Besides that, Qualcomm Technologies, Inc., a subsidiary owned by the Qualcomm Incorporated, anticipates overall market share gains in the second half of 2020, owing to an increase in shipments from leading Android OEMs as 5G technology providers during the virus recovery period.
One of the largest chipmakers in the world, Taiwan Semiconductor Manufacturing Corporation (TSMC), recently announced setting up a semiconductor plant in Arizona, United States, which is worth USD 12 billion. Countries like India and Vietnam also provide attractive alternatives.
Several semiconductor and electronics companies see this crisis as a new opportunity to rethink and restructure their existing strategies, as well as an opportunity for semiconductor manufacturers and suppliers to collaborate and establish more agile semiconductor supply networks, which can help create a more flexible future.
Companies are now refocusing their efforts away from China and towards India and other developing nations. According to a report published on April 27, 2020, by The Economic Times, approximately 200 companies in the United States plan to relocate their manufacturing base from China to India following the general elections. Many of these reforms are expected to occur in the coming years.
In recent years, India has developed capabilities in smartphone assembly and is now the world's second largest handset market. Foxconn, an Apple supplier, has several factories in India. Consumer durables conglomerate Haier is expanding its manufacturing base in India, and South Korean company Samsung has recently opened a large handset manufacturing facility in India. This, combined with rising local consumption, creates an ideal environment for chip manufacturers to set up businesses in India.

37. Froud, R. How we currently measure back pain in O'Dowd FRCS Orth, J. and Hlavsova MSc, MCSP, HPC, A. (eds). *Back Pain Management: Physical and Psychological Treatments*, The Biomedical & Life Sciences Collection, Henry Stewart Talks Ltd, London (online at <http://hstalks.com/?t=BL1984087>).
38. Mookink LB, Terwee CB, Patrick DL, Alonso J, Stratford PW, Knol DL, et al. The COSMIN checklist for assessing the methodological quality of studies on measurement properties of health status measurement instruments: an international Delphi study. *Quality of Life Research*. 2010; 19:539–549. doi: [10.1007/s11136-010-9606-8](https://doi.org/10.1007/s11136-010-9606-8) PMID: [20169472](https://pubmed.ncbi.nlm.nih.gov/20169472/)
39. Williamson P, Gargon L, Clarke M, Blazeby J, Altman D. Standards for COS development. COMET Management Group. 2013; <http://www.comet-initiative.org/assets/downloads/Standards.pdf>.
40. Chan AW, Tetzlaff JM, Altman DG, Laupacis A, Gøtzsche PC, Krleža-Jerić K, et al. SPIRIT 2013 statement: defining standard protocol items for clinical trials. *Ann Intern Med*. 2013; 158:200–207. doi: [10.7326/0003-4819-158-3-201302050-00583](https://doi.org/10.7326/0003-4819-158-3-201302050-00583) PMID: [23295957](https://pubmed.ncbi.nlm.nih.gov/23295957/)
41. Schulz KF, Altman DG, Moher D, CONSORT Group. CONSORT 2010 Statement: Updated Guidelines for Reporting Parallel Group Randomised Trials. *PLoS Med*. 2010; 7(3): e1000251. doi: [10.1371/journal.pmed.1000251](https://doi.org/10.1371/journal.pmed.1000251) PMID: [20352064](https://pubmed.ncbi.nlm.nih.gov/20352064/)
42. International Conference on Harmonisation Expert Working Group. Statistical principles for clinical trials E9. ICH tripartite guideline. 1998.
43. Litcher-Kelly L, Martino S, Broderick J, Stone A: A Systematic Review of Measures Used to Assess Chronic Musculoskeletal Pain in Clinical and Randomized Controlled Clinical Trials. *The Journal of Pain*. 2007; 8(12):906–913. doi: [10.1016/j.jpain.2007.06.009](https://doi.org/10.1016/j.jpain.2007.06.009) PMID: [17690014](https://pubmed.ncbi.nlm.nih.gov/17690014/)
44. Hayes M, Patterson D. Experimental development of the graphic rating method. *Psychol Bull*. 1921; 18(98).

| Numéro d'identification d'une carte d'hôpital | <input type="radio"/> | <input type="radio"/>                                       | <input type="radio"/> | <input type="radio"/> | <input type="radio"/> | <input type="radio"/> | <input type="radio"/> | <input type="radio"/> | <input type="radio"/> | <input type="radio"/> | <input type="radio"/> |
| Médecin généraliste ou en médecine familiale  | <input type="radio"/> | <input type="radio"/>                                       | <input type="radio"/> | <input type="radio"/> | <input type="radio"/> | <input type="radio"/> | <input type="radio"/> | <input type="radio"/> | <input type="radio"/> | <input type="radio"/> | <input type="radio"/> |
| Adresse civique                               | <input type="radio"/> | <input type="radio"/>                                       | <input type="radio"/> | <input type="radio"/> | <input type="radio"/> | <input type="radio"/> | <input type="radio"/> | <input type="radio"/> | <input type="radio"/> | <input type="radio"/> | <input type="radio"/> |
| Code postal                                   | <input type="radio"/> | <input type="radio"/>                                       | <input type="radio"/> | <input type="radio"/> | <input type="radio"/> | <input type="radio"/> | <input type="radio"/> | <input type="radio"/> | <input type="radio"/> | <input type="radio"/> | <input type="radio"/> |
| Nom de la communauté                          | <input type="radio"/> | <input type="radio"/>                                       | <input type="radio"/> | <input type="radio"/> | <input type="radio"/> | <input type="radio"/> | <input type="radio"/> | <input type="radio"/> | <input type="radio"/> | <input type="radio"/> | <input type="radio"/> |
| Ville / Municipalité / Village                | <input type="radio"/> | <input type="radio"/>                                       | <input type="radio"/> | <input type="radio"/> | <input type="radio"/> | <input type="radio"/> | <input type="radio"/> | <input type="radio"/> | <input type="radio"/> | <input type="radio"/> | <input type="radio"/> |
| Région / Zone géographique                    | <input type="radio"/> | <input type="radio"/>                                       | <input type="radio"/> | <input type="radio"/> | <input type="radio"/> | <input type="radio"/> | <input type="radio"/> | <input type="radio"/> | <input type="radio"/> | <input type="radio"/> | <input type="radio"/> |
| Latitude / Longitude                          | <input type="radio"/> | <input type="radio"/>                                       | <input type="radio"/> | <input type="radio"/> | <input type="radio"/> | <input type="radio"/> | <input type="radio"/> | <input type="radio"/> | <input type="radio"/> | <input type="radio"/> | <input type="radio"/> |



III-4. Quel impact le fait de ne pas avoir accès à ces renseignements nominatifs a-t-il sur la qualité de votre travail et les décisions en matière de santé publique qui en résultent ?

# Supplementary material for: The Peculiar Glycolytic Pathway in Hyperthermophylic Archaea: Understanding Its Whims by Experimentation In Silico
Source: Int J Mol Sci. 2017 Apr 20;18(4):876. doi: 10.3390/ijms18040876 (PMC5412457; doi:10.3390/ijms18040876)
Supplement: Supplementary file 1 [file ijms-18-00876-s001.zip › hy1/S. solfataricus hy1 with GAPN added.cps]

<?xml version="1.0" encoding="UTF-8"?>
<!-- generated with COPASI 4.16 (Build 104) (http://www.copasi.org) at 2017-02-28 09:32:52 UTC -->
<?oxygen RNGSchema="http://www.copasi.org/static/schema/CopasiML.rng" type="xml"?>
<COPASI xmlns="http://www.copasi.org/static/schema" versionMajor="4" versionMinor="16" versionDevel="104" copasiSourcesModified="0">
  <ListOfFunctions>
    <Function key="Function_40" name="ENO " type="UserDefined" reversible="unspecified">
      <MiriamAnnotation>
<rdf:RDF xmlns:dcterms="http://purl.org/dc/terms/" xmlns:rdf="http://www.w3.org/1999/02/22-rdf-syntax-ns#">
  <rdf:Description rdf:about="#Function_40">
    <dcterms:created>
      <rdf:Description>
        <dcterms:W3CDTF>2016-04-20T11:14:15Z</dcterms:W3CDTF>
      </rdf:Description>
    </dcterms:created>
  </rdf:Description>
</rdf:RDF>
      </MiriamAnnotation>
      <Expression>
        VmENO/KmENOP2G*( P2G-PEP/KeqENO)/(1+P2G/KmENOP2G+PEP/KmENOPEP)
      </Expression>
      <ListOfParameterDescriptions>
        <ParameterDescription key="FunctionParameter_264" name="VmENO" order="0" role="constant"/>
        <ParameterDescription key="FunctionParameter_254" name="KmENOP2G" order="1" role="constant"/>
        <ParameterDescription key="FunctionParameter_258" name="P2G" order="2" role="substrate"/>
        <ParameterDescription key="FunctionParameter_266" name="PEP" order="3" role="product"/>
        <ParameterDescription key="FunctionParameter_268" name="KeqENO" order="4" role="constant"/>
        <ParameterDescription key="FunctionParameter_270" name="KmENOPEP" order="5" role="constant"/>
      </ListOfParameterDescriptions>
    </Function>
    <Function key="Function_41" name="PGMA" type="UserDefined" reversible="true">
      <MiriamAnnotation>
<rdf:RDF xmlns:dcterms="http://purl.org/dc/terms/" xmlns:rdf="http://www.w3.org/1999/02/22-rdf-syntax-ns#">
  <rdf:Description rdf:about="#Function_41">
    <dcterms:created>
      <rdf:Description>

Despite supply constraints caused by the pandemic, the global semiconductor market is expected to reach a value of USD 522 billion in 2021, representing a 12.5% year-over-year increase, according to International Data Corporation (IDC). The demand for consumer, computing, 5G, and automotive semiconductors will continue to grow rapidly, however the supply constraints may persist until till 2022.
The industry is expected to continue to struggle to keep a balance across different industry segments, while investment in capacity would improve the industry's resiliency in a few years. Looking forward to 2021, IDC forecasts continued strong growth in global semiconductor sales as cloud technology adoption and demand for data and services remain unchanged.
According to International Data Corporation, worldwide semiconductor revenue grew to USD 464 billion in 2020, an increase of 10.8 % compared to 2019. Overall, the semiconductor industry is on track to deliver another strong year of growth this year as the super cycle that began at the end of 2019 strengthens. The market for semiconductors in computing systems, such as PCs and servers, grew 17.3 percent year on year to USD 160 billion in 2020, outpacing the overall semiconductor market.
The IDC also forecasts that computing systems revenues will grow 7.7% to USD 173 billion in 2021 while the mobile phone semiconductor revenues will grow by 23.3% in 2021 to USD 147 billion.
Automotive sales recovered in the second half of 2020, but supply constraints in the automotive semiconductor market will last until 2021 for some products. In 2021, the automotive segment is expected to grow by 28-36% year on year.
People all over the world have been experimenting with new ways of working, studying, and communicating via videoconferencing and other technologies in recent months. Such trends may have a long-term impact on semiconductor demand and open new avenues for existing products and services. For example, demand could increase for semiconductors that enable servers, connectivity, and cloud usage as online collaboration grows.